Long-term follow-up of patients treated with daclizumab for steroid-refractory acute graft-vs-host disease
Graft vs Host Disease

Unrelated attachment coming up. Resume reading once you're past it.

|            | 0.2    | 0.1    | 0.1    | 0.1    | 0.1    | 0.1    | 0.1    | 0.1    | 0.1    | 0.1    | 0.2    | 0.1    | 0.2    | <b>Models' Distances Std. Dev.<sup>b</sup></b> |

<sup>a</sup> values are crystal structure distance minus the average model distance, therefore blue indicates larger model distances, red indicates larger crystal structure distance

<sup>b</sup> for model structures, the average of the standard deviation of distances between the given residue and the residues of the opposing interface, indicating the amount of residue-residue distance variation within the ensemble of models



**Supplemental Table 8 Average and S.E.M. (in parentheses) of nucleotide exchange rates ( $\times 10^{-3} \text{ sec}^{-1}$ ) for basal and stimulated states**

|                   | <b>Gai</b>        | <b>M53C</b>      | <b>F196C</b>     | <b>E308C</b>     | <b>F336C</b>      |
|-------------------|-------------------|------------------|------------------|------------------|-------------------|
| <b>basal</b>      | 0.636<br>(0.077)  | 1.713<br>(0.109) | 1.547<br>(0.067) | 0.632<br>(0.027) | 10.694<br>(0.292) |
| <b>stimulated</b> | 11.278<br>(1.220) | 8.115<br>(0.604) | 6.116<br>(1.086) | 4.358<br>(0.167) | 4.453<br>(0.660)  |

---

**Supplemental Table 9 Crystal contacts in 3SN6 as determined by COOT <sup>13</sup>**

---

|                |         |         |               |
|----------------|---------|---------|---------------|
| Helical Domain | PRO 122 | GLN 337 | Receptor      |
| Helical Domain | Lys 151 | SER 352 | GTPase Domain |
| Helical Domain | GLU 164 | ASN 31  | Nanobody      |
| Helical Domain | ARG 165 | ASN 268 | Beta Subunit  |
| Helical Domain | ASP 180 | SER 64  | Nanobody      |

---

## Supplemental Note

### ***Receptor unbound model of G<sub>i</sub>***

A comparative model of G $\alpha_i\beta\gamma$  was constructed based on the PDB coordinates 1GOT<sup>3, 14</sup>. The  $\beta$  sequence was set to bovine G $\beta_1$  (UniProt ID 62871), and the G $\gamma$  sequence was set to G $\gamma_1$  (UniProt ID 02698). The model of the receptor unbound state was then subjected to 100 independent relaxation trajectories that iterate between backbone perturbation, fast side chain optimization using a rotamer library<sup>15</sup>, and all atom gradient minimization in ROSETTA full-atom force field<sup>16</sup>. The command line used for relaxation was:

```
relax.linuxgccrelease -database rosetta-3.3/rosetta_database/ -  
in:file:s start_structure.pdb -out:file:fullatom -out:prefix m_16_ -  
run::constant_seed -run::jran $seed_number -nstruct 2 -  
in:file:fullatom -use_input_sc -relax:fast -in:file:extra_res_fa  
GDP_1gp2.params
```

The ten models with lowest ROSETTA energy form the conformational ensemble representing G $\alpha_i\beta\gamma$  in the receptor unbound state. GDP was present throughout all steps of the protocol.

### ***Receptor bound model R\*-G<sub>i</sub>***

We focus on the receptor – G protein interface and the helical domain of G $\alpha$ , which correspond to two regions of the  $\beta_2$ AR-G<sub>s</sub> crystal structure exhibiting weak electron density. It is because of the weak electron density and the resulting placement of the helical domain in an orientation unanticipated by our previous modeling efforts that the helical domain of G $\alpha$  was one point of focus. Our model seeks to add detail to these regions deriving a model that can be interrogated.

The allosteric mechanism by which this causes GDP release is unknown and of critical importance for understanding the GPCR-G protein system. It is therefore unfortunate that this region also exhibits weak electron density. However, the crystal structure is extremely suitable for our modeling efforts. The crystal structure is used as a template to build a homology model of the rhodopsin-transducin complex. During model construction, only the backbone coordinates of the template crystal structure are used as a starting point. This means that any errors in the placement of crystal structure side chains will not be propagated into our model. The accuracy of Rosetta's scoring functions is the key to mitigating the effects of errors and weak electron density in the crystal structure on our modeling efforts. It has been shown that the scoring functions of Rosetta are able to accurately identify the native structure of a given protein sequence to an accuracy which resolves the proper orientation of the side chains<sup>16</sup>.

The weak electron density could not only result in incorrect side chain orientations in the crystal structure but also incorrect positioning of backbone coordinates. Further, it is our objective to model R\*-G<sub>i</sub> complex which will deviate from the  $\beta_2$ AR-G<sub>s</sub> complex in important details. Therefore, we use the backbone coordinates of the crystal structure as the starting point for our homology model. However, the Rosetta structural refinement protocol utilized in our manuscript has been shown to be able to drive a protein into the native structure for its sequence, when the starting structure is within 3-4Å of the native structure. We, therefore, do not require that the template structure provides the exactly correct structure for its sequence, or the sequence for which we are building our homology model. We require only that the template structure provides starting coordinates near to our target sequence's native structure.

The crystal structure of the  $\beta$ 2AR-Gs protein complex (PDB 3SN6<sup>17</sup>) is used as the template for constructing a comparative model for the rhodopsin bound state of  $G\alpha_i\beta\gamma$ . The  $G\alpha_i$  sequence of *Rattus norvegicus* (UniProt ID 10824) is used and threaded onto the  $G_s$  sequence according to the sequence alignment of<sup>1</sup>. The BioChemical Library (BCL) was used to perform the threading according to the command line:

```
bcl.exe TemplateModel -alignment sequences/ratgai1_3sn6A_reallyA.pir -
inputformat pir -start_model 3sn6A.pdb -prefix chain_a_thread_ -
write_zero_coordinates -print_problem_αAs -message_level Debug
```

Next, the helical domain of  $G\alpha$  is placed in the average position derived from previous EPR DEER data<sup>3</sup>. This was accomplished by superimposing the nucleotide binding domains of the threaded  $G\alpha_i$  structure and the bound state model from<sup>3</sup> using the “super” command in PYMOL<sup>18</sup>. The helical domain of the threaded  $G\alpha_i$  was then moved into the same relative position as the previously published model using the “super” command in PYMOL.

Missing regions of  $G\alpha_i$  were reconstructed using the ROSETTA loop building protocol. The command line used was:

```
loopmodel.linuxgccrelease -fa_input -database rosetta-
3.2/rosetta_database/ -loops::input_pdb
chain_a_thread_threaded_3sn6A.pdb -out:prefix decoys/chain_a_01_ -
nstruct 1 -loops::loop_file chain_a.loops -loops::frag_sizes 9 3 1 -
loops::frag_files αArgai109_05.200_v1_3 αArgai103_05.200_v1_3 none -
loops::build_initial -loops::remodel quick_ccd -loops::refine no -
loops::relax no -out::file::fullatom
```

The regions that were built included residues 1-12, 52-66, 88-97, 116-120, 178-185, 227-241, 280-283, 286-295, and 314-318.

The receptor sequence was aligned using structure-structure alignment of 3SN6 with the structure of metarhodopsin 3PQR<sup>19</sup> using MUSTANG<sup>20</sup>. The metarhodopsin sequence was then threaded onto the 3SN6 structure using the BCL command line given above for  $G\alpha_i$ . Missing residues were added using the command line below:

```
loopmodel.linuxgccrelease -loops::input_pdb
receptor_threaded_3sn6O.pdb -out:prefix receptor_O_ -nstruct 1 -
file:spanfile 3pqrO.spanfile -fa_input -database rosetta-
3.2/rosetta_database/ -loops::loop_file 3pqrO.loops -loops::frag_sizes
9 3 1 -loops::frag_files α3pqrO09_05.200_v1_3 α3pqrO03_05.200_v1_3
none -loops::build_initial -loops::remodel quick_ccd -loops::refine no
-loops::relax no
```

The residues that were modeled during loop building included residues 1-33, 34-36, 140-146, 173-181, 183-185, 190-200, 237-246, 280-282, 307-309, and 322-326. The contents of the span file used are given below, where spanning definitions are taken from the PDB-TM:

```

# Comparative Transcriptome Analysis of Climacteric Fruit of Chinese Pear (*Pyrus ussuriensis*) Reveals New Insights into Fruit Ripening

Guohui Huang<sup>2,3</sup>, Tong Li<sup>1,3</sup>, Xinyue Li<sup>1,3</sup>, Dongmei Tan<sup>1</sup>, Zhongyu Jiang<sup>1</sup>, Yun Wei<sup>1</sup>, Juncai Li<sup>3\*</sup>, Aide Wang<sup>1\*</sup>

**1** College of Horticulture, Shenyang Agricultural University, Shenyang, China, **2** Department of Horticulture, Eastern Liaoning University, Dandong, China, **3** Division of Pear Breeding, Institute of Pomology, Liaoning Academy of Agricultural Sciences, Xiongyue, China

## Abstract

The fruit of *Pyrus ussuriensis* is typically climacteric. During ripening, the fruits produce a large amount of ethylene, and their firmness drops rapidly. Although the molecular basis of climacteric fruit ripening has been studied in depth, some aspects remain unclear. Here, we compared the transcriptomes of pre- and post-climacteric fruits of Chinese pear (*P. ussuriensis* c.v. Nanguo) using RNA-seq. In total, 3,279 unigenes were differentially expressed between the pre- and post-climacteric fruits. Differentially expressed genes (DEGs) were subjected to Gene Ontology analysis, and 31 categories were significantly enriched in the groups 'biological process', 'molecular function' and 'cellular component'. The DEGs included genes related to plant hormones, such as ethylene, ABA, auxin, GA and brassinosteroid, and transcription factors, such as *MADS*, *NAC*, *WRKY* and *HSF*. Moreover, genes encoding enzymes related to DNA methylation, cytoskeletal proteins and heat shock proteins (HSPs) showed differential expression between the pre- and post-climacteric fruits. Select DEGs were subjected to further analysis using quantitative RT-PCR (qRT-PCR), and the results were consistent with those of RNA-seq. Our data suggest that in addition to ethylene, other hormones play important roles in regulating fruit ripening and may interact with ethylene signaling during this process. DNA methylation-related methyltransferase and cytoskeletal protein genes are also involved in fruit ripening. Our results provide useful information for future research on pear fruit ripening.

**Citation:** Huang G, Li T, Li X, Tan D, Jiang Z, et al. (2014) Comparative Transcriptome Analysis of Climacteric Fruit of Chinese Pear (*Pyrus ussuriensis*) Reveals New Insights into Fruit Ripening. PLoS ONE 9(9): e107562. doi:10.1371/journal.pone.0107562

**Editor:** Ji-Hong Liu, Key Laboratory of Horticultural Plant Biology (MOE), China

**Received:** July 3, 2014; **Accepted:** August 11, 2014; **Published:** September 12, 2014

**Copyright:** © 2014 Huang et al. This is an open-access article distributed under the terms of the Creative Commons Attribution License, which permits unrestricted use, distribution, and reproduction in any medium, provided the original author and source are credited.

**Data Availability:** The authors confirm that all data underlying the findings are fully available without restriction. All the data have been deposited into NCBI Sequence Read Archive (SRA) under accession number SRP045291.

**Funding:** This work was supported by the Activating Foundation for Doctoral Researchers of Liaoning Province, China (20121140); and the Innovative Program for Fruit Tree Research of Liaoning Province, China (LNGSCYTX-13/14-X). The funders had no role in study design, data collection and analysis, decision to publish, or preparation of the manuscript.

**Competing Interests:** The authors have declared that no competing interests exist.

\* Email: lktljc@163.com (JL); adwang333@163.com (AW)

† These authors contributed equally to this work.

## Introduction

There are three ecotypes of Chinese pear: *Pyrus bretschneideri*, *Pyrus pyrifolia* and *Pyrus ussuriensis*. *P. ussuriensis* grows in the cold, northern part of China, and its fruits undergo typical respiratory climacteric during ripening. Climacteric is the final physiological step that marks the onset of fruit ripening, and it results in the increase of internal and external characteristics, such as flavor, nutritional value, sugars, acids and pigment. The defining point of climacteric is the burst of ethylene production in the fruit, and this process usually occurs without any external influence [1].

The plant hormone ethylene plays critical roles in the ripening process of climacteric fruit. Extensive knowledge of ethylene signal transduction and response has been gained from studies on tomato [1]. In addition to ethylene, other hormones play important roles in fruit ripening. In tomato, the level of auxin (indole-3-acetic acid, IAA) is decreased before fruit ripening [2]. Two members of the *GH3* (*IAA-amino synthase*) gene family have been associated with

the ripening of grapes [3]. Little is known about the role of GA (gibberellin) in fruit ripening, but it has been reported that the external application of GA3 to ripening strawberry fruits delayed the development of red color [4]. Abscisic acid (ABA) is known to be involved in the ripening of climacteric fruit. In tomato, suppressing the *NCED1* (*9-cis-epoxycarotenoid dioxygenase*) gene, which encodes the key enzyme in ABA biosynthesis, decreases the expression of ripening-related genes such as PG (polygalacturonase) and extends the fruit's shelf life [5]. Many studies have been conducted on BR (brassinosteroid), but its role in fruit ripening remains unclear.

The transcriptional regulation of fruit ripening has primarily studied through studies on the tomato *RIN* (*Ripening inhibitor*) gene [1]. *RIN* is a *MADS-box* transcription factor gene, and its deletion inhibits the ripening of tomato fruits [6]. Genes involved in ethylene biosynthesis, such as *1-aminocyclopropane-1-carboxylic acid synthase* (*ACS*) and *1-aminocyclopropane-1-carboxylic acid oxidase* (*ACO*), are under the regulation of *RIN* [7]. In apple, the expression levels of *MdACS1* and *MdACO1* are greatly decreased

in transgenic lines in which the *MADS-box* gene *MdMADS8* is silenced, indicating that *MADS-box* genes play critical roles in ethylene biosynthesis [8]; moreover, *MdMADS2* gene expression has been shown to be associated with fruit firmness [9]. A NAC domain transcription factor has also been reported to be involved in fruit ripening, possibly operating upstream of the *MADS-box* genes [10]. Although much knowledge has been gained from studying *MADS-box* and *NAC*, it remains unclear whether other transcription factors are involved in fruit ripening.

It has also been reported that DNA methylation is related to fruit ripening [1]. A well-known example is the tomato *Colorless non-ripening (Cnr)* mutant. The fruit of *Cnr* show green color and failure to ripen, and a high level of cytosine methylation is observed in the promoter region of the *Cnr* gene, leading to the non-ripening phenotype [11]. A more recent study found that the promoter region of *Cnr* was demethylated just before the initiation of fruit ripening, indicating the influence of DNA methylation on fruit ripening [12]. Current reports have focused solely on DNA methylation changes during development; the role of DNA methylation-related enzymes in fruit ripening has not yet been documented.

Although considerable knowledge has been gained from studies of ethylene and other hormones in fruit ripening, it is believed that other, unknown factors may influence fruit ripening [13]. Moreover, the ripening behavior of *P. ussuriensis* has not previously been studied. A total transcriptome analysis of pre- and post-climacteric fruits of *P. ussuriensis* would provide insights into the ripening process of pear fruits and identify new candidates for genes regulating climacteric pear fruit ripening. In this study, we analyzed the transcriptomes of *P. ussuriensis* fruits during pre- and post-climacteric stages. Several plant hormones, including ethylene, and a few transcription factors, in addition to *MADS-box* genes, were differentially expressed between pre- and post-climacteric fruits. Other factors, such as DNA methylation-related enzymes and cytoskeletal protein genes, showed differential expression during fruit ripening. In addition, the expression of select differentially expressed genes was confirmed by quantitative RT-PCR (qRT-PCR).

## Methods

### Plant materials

Daclizumab has been shown to have activity in acute GVHD, but appears to be associated with an increased risk of infection. To investigate further the long-term effects of daclizumab, we performed a retrospective review of 57 patients who underwent an allogeneic hematopoietic stem cell transplant from January 1993 through June 2000 and were treated with daclizumab for steroid-refractory acute GVHD. The median number of daclizumab doses given was 5 (range 1-22). GVHD was assessed at baseline, days 15, 29 and 43. By day 43, 54% patients had an improvement in their overall GVHD score, including 76% patients aged < or =18. Opportunistic infections developed in 95% patients. Forty-three patients (75%) died following treatment with daclizumab. The causes of death included active GVHD and infection (79%), active GVHD (5%), chronic GVHD (2%) and relapse (14%). Patients with grade 3-4 GVHD had a significantly shorter median survival than patients with grade 1-2 GVHD (2.0 vs 5.1 months, P=0.001). Daclizumab has no infusion-related toxicity, is active in steroid-refractory GVHD, especially among pediatric patients, but is associated with significant morbidity and mortality due to infectious complications. Careful patient selection and aggressive prophylaxis against viral and fungal infections are recommended.